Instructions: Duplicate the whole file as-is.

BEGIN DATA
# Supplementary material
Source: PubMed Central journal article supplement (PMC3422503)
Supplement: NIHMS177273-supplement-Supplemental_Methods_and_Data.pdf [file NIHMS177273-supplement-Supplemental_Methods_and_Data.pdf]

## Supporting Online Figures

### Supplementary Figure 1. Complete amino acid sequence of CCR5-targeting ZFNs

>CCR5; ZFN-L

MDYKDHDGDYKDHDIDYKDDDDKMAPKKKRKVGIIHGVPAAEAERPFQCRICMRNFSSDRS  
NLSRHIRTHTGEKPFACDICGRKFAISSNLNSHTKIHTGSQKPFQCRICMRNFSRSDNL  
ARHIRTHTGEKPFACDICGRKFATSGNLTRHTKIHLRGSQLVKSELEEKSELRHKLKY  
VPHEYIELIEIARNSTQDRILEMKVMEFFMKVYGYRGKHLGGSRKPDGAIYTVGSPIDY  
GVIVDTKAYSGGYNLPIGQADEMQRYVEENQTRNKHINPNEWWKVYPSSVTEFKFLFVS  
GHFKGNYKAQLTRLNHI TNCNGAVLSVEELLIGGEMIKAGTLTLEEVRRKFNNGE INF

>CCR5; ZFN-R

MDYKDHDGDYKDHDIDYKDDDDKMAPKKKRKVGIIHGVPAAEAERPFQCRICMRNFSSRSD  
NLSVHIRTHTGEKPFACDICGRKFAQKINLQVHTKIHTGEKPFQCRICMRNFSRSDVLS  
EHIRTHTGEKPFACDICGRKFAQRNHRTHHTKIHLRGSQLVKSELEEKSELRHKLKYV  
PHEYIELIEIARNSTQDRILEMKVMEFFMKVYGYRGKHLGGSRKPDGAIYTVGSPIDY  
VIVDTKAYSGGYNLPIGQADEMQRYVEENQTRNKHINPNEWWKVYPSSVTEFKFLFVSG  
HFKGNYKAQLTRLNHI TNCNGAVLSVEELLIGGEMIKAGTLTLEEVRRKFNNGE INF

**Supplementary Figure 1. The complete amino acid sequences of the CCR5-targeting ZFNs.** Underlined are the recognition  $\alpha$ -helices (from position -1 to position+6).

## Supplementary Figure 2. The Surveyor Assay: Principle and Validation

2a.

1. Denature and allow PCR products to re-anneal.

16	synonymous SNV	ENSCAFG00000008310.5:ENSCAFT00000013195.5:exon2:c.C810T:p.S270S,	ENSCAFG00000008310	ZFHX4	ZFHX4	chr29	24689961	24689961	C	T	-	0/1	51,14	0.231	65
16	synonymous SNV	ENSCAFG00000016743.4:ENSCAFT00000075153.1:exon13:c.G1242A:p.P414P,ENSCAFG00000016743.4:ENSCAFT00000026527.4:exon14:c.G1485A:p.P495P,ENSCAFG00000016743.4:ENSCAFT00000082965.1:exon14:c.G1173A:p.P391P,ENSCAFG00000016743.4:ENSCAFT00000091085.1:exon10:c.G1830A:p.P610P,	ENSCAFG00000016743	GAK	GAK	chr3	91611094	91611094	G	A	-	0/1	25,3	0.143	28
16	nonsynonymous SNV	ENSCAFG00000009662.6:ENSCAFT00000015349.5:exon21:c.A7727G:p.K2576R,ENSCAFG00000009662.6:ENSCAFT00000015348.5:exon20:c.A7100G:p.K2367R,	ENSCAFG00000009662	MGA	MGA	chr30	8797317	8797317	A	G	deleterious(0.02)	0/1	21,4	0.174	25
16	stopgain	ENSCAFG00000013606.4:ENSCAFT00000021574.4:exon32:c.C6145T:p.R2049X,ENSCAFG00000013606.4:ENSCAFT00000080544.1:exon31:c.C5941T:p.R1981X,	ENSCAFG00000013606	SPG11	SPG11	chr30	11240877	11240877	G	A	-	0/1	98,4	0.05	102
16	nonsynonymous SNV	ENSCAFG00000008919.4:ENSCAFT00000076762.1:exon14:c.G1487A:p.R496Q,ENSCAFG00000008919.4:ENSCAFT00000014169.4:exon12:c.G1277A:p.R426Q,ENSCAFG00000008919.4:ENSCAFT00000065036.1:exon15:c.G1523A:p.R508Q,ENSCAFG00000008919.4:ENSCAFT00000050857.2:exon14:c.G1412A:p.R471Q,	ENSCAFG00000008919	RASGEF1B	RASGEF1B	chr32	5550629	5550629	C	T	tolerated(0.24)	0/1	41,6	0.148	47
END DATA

# Supplementary material
Source: PubMed Central journal article supplement (PMC3422503)
Supplement: NIHMS177273-supplement-Supplemental_Methods_and_Data.pdf [file NIHMS177273-supplement-Supplemental_Methods_and_Data.pdf]

## Supporting Online Figures

### Supplementary Figure 1. Complete amino acid sequence of CCR5-targeting ZFNs

>CCR5; ZFN-L

MDYKDHDGDYKDHDIDYKDDDDKMAPKKKRKVGIIHGVPAAEAERPFQCRICMRNFSSDRS  
NLSRHIRTHTGEKPFACDICGRKFAISSNLNSHTKIHTGSQKPFQCRICMRNFSRSDNL  
ARHIRTHTGEKPFACDICGRKFATSGNLTRHTKIHLRGSQLVKSELEEKSELRHKLKY  
VPHEYIELIEIARNSTQDRILEMKVMEFFMKVYGYRGKHLGGSRKPDGAIYTVGSPIDY  
GVIVDTKAYSGGYNLPIGQADEMQRYVEENQTRNKHINPNEWWKVYPSSVTEFKFLFVS  
GHFKGNYKAQLTRLNHI TNCNGAVLSVEELLIGGEMIKAGTLTLEEVRRKFNNGE INF

>CCR5; ZFN-R

MDYKDHDGDYKDHDIDYKDDDDKMAPKKKRKVGIIHGVPAAEAERPFQCRICMRNFSSRSD  
NLSVHIRTHTGEKPFACDICGRKFAQKINLQVHTKIHTGEKPFQCRICMRNFSRSDVLS  
EHIRTHTGEKPFACDICGRKFAQRNHRTHHTKIHLRGSQLVKSELEEKSELRHKLKYV  
PHEYIELIEIARNSTQDRILEMKVMEFFMKVYGYRGKHLGGSRKPDGAIYTVGSPIDY  
VIVDTKAYSGGYNLPIGQADEMQRYVEENQTRNKHINPNEWWKVYPSSVTEFKFLFVSG  
HFKGNYKAQLTRLNHI TNCNGAVLSVEELLIGGEMIKAGTLTLEEVRRKFNNGE INF

**Supplementary Figure 1. The complete amino acid sequences of the CCR5-targeting ZFNs.** Underlined are the recognition  $\alpha$ -helices (from position -1 to position+6).

## Supplementary Figure 2. The Surveyor Assay: Principle and Validation

2a.

1. Denature and allow PCR products to re-anneal.

16	synonymous SNV	ENSCAFG00000008310.5:ENSCAFT00000013195.5:exon2:c.C810T:p.S270S,	ENSCAFG00000008310	ZFHX4	ZFHX4	chr29	24689961	24689961	C	T	-	0/1	51,14	0.231	65
16	synonymous SNV	ENSCAFG00000016743.4:ENSCAFT00000075153.1:exon13:c.G1242A:p.P414P,ENSCAFG00000016743.4:ENSCAFT00000026527.4:exon14:c.G1485A:p.P495P,ENSCAFG00000016743.4:ENSCAFT00000082965.1:exon14:c.G1173A:p.P391P,ENSCAFG00000016743.4:ENSCAFT00000091085.1:exon10:c.G1830A:p.P610P,	ENSCAFG00000016743	GAK	GAK	chr3	91611094	91611094	G	A	-	0/1	25,3	0.143	28
16	nonsynonymous SNV	ENSCAFG00000009662.6:ENSCAFT00000015349.5:exon21:c.A7727G:p.K2576R,ENSCAFG00000009662.6:ENSCAFT00000015348.5:exon20:c.A7100G:p.K2367R,	ENSCAFG00000009662	MGA	MGA	chr30	8797317	8797317	A	G	deleterious(0.02)	0/1	21,4	0.174	25
16	stopgain	ENSCAFG00000013606.4:ENSCAFT00000021574.4:exon32:c.C6145T:p.R2049X,ENSCAFG00000013606.4:ENSCAFT00000080544.1:exon31:c.C5941T:p.R1981X,	ENSCAFG00000013606	SPG11	SPG11	chr30	11240877	11240877	G	A	-	0/1	98,4	0.05	102
16	nonsynonymous SNV	ENSCAFG00000008919.4:ENSCAFT00000076762.1:exon14:c.G1487A:p.R496Q,ENSCAFG00000008919.4:ENSCAFT00000014169.4:exon12:c.G1277A:p.R426Q,ENSCAFG00000008919.4:ENSCAFT00000065036.1:exon15:c.G1523A:p.R508Q,ENSCAFG00000008919.4:ENSCAFT00000050857.2:exon14:c.G1412A:p.R471Q,	ENSCAFG00000008919	RASGEF1B	RASGEF1B	chr32	5550629	5550629	C	T	tolerated(0.24)	0/1	41,6	0.148	47